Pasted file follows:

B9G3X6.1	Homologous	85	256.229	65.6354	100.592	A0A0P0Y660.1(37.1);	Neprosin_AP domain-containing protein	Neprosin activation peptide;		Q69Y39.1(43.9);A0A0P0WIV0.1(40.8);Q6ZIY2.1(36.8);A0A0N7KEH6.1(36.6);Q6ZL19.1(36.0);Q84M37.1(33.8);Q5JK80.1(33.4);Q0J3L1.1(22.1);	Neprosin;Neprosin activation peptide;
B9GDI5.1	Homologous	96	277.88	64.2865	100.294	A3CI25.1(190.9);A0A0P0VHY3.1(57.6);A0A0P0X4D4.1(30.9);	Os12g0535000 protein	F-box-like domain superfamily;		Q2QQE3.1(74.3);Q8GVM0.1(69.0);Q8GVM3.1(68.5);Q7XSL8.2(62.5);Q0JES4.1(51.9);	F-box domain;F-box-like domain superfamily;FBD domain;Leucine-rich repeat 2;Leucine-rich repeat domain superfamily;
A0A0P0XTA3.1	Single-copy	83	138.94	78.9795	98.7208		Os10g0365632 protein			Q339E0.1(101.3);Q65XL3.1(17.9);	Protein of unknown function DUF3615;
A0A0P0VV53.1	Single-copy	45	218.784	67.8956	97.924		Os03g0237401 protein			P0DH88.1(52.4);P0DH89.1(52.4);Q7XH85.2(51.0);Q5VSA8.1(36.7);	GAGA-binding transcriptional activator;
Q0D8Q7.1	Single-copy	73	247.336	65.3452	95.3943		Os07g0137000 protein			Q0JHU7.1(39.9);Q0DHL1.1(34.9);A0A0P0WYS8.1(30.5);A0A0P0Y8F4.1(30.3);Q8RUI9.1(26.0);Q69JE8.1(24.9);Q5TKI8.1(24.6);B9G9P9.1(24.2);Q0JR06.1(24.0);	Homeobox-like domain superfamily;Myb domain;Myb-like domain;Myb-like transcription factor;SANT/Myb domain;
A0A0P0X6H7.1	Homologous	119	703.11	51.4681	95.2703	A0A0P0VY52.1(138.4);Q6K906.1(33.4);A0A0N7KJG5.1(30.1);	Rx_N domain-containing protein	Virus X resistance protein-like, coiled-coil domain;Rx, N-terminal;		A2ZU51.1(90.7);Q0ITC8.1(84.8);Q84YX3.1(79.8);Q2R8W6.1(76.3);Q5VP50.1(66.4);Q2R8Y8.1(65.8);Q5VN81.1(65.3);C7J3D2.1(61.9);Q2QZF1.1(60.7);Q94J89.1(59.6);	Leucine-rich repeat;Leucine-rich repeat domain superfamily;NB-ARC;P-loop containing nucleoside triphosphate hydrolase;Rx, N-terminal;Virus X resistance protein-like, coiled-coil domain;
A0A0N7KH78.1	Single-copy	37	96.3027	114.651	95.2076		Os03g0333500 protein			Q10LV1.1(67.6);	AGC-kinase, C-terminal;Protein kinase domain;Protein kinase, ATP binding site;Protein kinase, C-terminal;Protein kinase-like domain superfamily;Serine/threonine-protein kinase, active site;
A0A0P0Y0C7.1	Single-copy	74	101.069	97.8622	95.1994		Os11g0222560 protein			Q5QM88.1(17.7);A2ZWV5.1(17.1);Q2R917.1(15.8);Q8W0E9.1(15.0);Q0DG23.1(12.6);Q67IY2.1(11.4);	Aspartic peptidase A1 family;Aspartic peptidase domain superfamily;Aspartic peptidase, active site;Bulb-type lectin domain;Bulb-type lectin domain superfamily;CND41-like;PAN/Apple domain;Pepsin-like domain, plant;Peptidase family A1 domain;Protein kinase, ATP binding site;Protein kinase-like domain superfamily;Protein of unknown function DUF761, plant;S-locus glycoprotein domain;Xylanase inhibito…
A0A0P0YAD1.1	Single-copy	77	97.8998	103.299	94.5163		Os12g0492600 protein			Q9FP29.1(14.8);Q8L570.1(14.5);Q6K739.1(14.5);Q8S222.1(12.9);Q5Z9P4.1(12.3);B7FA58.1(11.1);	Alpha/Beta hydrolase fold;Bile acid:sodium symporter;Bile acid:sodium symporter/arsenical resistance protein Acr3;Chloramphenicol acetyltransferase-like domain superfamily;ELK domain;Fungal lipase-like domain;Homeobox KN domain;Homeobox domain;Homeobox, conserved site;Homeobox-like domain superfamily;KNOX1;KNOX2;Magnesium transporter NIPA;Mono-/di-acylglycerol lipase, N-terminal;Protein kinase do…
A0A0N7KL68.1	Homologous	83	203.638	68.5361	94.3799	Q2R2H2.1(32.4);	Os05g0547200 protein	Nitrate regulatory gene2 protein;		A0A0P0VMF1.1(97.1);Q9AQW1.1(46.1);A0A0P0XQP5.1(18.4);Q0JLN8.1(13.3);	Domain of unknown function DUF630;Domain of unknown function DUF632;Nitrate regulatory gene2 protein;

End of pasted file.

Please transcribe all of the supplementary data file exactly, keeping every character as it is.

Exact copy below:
B9G3X6.1	Homologous	85	256.229	65.6354	100.592	A0A0P0Y660.1(37.1);	Neprosin_AP domain-containing protein	Neprosin activation peptide;		Q69Y39.1(43.9);A0A0P0WIV0.1(40.8);Q6ZIY2.1(36.8);A0A0N7KEH6.1(36.6);Q6ZL19.1(36.0);Q84M37.1(33.8);Q5JK80.1(33.4);Q0J3L1.1(22.1);	Neprosin;Neprosin activation peptide;
B9GDI5.1	Homologous	96	277.88	64.2865	100.294	A3CI25.1(190.9);A0A0P0VHY3.1(57.6);A0A0P0X4D4.1(30.9);	Os12g0535000 protein	F-box-like domain superfamily;		Q2QQE3.1(74.3);Q8GVM0.1(69.0);Q8GVM3.1(68.5);Q7XSL8.2(62.5);Q0JES4.1(51.9);	F-box domain;F-box-like domain superfamily;FBD domain;Leucine-rich repeat 2;Leucine-rich repeat domain superfamily;
A0A0P0XTA3.1	Single-copy	83	138.94	78.9795	98.7208		Os10g0365632 protein			Q339E0.1(101.3);Q65XL3.1(17.9);	Protein of unknown function DUF3615;
A0A0P0VV53.1	Single-copy	45	218.784	67.8956	97.924		Os03g0237401 protein			P0DH88.1(52.4);P0DH89.1(52.4);Q7XH85.2(51.0);Q5VSA8.1(36.7);	GAGA-binding transcriptional activator;
Q0D8Q7.1	Single-copy	73	247.336	65.3452	95.3943		Os07g0137000 protein			Q0JHU7.1(39.9);Q0DHL1.1(34.9);A0A0P0WYS8.1(30.5);A0A0P0Y8F4.1(30.3);Q8RUI9.1(26.0);Q69JE8.1(24.9);Q5TKI8.1(24.6);B9G9P9.1(24.2);Q0JR06.1(24.0);	Homeobox-like domain superfamily;Myb domain;Myb-like domain;Myb-like transcription factor;SANT/Myb domain;
A0A0P0X6H7.1	Homologous	119	703.11	51.4681	95.2703	A0A0P0VY52.1(138.4);Q6K906.1(33.4);A0A0N7KJG5.1(30.1);	Rx_N domain-containing protein	Virus X resistance protein-like, coiled-coil domain;Rx, N-terminal;		A2ZU51.1(90.7);Q0ITC8.1(84.8);Q84YX3.1(79.8);Q2R8W6.1(76.3);Q5VP50.1(66.4);Q2R8Y8.1(65.8);Q5VN81.1(65.3);C7J3D2.1(61.9);Q2QZF1.1(60.7);Q94J89.1(59.6);	Leucine-rich repeat;Leucine-rich repeat domain superfamily;NB-ARC;P-loop containing nucleoside triphosphate hydrolase;Rx, N-terminal;Virus X resistance protein-like, coiled-coil domain;
A0A0N7KH78.1	Single-copy	37	96.3027	114.651	95.2076		Os03g0333500 protein			Q10LV1.1(67.6);	AGC-kinase, C-terminal;Protein kinase domain;Protein kinase, ATP binding site;Protein kinase, C-terminal;Protein kinase-like domain superfamily;Serine/threonine-protein kinase, active site;
A0A0P0Y0C7.1	Single-copy	74	101.069	97.8622	95.1994		Os11g0222560 protein			Q5QM88.1(17.7);A2ZWV5.1(17.1);Q2R917.1(15.8);Q8W0E9.1(15.0);Q0DG23.1(12.6);Q67IY2.1(11.4);	Aspartic peptidase A1 family;Aspartic peptidase domain superfamily;Aspartic peptidase, active site;Bulb-type lectin domain;Bulb-type lectin domain superfamily;CND41-like;PAN/Apple domain;Pepsin-like domain, plant;Peptidase family A1 domain;Protein kinase, ATP binding site;Protein kinase-like domain superfamily;Protein of unknown function DUF761, plant;S-locus glycoprotein domain;Xylanase inhibito…
A0A0P0YAD1.1	Single-copy	77	97.8998	103.299	94.5163		Os12g0492600 protein			Q9FP29.1(14.8);Q8L570.1(14.5);Q6K739.1(14.5);Q8S222.1(12.9);Q5Z9P4.1(12.3);B7FA58.1(11.1);	Alpha/Beta hydrolase fold;Bile acid:sodium symporter;Bile acid:sodium symporter/arsenical resistance protein Acr3;Chloramphenicol acetyltransferase-like domain superfamily;ELK domain;Fungal lipase-like domain;Homeobox KN domain;Homeobox domain;Homeobox, conserved site;Homeobox-like domain superfamily;KNOX1;KNOX2;Magnesium transporter NIPA;Mono-/di-acylglycerol lipase, N-terminal;Protein kinase do…
A0A0N7KL68.1	Homologous	83	203.638	68.5361	94.3799	Q2R2H2.1(32.4);	Os05g0547200 protein	Nitrate regulatory gene2 protein;		A0A0P0VMF1.1(97.1);Q9AQW1.1(46.1);A0A0P0XQP5.1(18.4);Q0JLN8.1(13.3);	Domain of unknown function DUF630;Domain of unknown function DUF632;Nitrate regulatory gene2 protein;